The “Nuss” procedure has revolutionized the treatment of pectus excavatum. It is very effective, has a low complication rate, and is associated with minimal external scarring when compared to the traditional “Ravitch” operation. The principal drawback is extreme pain, which is usually effectively managed in the immediate postoperative period with a thoracic epidural catheter, and for the first 2–3 weeks with narcotic analgesics. Narcotic addiction is a significant concern but should be rare with ethical and appropriate pain management techniques and conversion of non-narcotic analgesics as soon as possible after the operation.
Whether pectus excavatum produces measurable deficits in cardiac or respiratory function is controversial. Although many believe it is purely a cosmetic defect, patients frequently describe significant symptoms before surgery and many report considerable (albeit subjective) improvement in their stamina and comfort after the operation. Especially in active teenagers, flipping of the bar remains a constant worry but is thankfully rare, especially with the current widespread use of bar stabilizers.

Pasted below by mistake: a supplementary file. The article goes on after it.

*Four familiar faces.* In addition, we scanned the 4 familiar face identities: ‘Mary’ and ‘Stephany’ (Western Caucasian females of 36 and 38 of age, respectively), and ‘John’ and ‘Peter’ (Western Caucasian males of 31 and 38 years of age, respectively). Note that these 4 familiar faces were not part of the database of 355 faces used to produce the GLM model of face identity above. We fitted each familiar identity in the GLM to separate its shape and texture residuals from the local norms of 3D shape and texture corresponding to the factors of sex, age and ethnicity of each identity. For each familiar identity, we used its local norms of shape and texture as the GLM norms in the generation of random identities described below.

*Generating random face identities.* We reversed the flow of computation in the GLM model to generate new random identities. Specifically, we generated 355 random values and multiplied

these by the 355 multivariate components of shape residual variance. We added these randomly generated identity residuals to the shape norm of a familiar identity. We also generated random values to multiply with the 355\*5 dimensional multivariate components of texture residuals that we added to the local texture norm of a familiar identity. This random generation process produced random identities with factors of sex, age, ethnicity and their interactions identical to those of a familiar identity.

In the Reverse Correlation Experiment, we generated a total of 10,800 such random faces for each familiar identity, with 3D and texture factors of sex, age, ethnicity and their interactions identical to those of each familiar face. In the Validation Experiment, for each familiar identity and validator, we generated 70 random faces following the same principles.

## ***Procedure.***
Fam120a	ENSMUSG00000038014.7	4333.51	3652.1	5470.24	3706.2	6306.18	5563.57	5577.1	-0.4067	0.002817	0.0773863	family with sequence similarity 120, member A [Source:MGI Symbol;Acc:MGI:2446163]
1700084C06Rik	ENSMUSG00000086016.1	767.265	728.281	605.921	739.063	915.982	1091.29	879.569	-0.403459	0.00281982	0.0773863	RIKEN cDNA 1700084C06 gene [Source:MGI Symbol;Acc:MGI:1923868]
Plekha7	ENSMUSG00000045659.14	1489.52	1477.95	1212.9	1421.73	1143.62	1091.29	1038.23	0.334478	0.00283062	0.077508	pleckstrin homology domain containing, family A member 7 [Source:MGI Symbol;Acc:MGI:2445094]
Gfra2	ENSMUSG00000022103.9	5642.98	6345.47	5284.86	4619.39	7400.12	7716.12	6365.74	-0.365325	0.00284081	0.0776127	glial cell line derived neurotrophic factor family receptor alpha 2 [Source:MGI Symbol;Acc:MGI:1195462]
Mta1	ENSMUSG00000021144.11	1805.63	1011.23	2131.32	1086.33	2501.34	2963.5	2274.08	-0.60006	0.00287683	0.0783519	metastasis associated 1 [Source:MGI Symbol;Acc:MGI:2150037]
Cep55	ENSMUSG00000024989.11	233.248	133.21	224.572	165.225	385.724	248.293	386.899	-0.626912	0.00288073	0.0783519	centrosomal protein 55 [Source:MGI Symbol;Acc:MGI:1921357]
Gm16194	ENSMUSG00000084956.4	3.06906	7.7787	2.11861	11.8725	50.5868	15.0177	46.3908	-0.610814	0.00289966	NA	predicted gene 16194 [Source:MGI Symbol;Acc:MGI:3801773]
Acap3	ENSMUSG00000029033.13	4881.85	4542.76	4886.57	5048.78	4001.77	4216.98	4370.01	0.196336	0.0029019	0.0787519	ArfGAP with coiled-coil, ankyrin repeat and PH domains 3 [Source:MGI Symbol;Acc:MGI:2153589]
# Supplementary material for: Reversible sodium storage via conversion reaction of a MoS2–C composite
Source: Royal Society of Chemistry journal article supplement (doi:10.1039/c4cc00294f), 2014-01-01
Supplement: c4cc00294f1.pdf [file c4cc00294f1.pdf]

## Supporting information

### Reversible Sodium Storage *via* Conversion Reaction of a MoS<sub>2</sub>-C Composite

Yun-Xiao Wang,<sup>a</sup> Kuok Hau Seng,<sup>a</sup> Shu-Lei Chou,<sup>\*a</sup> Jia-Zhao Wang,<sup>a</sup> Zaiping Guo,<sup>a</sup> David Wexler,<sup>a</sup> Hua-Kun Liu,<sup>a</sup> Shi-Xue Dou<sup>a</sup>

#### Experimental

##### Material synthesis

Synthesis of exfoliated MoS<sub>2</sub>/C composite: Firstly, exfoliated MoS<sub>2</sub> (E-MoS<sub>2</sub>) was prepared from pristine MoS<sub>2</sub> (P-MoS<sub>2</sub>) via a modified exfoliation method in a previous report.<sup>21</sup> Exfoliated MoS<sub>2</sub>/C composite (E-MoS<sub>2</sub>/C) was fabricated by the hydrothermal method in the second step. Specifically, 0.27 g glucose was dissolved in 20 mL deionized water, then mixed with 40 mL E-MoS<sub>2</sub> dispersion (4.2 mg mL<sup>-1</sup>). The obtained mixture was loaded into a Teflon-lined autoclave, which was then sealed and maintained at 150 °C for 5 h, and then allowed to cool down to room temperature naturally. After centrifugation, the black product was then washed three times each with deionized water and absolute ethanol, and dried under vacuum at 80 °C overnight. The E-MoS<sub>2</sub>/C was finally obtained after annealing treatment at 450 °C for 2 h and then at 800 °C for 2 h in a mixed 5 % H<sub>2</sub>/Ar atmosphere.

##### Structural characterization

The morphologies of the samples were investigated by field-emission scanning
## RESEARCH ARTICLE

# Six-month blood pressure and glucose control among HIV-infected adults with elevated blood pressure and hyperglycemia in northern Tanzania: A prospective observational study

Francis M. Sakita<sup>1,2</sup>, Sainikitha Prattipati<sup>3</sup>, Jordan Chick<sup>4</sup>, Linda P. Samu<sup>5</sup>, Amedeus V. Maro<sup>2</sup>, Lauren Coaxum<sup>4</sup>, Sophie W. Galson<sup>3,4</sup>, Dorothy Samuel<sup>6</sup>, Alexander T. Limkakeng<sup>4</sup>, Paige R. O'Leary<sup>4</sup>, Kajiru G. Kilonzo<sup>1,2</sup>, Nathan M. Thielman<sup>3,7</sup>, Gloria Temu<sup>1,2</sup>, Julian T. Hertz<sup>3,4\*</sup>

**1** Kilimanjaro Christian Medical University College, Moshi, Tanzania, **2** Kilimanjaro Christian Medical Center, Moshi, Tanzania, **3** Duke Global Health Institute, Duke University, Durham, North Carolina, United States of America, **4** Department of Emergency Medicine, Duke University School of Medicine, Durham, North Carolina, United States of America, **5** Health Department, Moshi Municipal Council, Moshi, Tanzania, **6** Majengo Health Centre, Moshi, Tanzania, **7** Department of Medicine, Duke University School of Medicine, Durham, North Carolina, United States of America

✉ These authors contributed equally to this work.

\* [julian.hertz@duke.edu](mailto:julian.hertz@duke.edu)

The Ravitch repair done well is elegant and effective in its own right, but should only be offered when there are contraindications to the minimally invasive approach. Rather than remove all the costal cartilages, Dr. Haller described a technique whereby some of the cartilages are bisected at an angle (anteromedial to posterolateral) and the medial half is brought anterior to the lateral half, thus helping to push the sternum anteriorly. They should be stitched in this position to avoid postoperative slippage. A bar is not always necessary, but recommended for severe defects especially in older teenagers and adults.
In many cases, pectus carinatum is even more of a cosmetic concern than pectus excavatum. The operations described for correction of this defect are more invasive and perhaps less effective than those available for pectus excavatum. The external bracing technique, in which external pressure is applied to the sternum, appears to be very effective; however, compliance remains a significant hurdle.